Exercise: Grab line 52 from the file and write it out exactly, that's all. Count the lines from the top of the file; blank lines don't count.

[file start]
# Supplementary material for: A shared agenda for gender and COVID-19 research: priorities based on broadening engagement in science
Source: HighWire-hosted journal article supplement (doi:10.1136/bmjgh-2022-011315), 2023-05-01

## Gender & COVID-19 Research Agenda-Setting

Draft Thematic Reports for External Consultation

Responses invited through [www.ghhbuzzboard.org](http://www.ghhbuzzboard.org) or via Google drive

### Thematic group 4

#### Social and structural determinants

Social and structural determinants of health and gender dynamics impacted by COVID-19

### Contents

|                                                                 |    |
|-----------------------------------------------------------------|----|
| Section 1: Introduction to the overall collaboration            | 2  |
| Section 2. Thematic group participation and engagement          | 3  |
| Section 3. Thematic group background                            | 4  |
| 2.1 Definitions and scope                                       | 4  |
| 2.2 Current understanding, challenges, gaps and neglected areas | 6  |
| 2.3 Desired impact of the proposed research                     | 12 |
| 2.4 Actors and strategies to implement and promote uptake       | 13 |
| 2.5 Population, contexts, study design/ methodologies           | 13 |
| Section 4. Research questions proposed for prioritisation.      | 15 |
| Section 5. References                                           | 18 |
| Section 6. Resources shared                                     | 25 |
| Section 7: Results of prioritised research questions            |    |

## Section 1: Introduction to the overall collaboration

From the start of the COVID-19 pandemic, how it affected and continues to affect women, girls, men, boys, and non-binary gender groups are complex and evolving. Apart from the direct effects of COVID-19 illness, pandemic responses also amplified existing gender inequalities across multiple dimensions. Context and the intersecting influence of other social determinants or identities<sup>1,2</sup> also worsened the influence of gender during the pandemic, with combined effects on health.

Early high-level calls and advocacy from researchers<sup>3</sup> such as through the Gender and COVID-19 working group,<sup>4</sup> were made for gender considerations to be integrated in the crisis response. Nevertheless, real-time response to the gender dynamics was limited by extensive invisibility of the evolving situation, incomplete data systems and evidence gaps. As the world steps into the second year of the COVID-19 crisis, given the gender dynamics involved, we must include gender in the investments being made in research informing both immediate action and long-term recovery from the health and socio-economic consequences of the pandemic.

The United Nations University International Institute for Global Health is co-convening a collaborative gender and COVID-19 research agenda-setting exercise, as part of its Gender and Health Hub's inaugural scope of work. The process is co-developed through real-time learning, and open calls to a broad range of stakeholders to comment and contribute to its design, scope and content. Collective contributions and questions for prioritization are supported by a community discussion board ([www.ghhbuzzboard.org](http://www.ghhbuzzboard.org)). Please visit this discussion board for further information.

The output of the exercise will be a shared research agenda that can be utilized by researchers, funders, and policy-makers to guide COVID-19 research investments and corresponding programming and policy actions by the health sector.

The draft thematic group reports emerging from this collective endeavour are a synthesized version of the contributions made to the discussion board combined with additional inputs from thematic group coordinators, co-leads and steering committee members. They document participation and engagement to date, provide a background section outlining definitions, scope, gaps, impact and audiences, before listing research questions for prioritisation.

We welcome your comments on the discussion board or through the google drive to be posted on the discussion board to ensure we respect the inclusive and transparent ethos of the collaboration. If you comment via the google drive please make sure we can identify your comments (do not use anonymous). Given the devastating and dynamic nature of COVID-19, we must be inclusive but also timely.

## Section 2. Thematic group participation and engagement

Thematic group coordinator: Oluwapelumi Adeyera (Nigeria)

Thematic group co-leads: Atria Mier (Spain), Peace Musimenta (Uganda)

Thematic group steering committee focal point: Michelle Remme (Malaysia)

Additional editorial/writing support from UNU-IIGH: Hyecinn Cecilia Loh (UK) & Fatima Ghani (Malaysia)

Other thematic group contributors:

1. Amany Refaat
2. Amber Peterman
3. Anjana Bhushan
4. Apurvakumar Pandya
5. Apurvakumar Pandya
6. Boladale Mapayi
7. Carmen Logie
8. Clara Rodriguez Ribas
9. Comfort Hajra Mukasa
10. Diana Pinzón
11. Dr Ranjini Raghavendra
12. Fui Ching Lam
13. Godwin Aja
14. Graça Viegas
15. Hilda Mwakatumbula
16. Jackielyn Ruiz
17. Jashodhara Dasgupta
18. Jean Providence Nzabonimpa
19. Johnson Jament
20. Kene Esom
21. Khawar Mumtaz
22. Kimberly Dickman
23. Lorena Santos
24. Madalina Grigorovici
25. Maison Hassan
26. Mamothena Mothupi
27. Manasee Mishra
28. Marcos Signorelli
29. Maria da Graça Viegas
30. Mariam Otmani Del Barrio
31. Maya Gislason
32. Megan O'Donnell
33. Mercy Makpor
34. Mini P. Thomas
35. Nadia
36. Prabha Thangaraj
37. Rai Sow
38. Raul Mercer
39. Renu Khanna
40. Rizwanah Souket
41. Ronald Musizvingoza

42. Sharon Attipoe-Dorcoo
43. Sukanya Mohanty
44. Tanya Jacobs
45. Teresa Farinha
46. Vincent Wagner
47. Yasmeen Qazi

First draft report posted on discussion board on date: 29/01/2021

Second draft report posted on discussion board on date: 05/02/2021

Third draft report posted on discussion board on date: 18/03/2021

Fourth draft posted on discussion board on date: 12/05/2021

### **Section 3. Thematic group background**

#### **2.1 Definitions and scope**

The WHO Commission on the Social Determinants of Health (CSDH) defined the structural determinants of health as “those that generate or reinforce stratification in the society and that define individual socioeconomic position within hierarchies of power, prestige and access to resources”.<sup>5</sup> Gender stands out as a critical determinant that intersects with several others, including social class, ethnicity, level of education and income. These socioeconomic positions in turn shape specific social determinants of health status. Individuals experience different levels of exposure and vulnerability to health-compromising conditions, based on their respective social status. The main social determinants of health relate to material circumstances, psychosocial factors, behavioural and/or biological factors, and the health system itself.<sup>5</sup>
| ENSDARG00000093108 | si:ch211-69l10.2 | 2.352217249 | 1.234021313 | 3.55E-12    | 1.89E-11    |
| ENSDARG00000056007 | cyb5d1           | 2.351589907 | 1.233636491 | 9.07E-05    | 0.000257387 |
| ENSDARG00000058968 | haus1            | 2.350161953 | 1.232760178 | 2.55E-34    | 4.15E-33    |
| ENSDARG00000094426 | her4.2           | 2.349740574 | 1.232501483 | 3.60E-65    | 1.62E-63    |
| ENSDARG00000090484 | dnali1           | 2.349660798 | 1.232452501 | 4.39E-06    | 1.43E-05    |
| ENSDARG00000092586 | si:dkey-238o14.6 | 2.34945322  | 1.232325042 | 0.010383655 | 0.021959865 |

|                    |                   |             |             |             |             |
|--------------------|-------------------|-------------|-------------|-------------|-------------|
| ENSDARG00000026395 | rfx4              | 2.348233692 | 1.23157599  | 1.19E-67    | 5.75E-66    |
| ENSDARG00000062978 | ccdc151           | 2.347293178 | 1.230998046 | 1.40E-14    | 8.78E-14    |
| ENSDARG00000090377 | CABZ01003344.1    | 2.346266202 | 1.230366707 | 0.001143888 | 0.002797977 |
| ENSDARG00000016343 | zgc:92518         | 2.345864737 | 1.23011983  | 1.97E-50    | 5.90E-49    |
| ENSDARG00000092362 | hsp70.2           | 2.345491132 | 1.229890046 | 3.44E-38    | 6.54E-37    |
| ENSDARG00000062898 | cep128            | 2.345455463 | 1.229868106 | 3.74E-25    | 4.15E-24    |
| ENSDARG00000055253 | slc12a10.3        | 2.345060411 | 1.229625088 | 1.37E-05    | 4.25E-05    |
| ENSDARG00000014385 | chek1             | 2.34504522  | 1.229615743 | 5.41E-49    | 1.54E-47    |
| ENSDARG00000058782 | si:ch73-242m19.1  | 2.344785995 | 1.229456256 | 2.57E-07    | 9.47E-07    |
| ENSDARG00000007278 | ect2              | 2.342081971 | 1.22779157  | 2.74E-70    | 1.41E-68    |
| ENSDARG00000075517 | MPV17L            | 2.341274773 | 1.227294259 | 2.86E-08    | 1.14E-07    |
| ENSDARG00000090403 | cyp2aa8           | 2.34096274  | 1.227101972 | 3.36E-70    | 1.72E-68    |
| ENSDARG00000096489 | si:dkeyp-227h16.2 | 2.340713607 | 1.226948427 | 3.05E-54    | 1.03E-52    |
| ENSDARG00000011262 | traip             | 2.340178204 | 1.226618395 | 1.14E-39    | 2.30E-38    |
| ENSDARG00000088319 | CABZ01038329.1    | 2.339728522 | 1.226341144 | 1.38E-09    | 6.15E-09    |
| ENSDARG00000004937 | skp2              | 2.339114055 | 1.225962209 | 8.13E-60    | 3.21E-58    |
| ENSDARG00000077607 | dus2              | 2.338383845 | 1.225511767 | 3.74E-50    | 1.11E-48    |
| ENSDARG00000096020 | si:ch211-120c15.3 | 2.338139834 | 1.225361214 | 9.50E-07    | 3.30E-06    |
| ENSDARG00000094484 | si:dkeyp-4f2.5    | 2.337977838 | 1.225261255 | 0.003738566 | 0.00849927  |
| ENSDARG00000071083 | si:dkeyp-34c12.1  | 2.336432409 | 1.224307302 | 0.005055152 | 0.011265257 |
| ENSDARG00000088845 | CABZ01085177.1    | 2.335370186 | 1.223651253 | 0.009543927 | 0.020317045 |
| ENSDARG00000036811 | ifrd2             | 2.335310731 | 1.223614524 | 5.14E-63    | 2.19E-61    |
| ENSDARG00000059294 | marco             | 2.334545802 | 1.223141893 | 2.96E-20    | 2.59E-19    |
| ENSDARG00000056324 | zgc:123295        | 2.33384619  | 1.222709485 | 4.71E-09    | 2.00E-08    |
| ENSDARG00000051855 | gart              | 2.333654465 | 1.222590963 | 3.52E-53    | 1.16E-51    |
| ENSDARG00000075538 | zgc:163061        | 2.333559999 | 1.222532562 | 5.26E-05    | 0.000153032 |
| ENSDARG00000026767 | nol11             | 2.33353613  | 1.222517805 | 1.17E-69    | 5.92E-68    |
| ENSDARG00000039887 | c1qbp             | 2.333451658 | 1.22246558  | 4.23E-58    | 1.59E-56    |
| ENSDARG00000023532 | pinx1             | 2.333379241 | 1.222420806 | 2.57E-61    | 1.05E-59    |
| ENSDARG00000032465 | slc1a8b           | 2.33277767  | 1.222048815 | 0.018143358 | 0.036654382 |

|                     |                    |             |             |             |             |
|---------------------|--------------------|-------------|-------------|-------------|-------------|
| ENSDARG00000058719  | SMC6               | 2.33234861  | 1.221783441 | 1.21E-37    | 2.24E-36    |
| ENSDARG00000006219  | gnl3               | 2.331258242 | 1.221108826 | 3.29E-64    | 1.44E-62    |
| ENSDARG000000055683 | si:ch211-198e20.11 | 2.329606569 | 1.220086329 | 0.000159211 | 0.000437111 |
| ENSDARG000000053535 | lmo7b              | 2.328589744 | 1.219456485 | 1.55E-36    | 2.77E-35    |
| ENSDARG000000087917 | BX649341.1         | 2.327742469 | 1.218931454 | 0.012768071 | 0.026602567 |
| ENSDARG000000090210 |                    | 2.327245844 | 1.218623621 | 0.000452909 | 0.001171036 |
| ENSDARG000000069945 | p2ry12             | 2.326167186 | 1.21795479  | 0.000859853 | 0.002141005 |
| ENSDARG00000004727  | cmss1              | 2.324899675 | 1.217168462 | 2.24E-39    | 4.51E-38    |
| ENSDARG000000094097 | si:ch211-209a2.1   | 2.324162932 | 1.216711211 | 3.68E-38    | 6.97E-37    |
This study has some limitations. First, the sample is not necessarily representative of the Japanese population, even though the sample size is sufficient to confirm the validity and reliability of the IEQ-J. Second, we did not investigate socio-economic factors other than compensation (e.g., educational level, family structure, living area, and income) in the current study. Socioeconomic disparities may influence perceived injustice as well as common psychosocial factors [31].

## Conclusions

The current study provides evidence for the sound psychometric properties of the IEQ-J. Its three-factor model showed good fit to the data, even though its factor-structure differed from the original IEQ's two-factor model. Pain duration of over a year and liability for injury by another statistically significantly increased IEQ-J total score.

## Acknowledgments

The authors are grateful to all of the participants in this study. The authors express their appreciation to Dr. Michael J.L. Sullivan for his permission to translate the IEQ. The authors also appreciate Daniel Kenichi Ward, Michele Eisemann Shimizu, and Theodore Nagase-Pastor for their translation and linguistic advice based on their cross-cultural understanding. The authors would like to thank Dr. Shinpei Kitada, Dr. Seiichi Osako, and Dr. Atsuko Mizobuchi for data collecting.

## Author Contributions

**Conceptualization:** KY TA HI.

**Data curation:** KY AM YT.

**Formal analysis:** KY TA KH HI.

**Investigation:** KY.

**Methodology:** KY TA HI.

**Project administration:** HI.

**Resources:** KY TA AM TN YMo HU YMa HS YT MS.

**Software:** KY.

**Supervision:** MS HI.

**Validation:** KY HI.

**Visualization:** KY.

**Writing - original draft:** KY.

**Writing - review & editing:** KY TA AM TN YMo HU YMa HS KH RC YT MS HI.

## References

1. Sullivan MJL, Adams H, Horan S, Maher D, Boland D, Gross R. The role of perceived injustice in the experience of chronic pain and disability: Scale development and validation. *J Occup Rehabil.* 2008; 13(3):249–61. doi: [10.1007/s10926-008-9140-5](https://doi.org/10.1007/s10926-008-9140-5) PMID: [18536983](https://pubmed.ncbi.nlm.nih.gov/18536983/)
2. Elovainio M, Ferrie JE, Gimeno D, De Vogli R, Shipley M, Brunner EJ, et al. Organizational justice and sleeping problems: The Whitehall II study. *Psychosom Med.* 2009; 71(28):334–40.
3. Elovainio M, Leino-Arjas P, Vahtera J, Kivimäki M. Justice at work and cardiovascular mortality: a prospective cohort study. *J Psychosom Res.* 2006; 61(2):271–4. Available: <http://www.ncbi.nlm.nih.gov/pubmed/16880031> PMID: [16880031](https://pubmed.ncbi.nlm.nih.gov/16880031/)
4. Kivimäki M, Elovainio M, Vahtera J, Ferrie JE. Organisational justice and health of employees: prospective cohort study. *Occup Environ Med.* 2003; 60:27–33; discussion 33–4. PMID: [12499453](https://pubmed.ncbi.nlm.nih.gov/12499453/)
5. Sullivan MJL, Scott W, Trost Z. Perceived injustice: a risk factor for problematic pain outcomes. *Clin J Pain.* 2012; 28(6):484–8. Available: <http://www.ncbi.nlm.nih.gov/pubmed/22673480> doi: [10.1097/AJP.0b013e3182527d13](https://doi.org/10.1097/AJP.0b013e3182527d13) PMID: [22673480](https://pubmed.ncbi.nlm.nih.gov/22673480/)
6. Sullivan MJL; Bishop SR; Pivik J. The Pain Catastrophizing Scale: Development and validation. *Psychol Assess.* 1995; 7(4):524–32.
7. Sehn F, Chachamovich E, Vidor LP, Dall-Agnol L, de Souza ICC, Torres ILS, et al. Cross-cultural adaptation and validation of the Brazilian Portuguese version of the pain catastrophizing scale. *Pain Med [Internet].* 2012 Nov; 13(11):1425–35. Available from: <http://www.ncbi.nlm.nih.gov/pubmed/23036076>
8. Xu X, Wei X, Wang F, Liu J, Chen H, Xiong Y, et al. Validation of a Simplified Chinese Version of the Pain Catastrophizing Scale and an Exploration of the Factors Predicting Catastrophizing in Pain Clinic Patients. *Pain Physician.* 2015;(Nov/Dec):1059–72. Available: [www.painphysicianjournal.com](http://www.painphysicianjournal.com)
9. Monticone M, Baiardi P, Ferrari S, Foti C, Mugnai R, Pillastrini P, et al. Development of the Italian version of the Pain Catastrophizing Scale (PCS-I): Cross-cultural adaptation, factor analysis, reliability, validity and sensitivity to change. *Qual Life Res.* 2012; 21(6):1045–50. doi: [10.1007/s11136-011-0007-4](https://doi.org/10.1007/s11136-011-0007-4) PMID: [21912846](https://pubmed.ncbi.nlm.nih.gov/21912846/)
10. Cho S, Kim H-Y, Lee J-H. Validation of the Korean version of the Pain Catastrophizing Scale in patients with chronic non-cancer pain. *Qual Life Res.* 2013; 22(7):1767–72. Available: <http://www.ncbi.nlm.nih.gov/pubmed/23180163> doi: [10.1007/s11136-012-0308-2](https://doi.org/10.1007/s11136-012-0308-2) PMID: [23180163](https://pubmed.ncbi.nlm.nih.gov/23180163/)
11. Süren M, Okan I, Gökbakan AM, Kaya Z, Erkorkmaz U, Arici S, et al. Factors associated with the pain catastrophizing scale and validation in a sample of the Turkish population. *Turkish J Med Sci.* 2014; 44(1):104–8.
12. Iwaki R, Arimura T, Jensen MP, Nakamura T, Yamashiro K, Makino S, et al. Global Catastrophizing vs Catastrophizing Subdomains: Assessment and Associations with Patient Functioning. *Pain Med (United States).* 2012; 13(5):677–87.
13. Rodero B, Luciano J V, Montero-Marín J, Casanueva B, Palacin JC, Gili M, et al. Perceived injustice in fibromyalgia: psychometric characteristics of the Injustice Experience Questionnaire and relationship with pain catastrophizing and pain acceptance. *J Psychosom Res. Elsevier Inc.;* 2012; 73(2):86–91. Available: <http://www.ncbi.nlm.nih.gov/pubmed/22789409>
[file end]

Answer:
16. Jackielyn Ruiz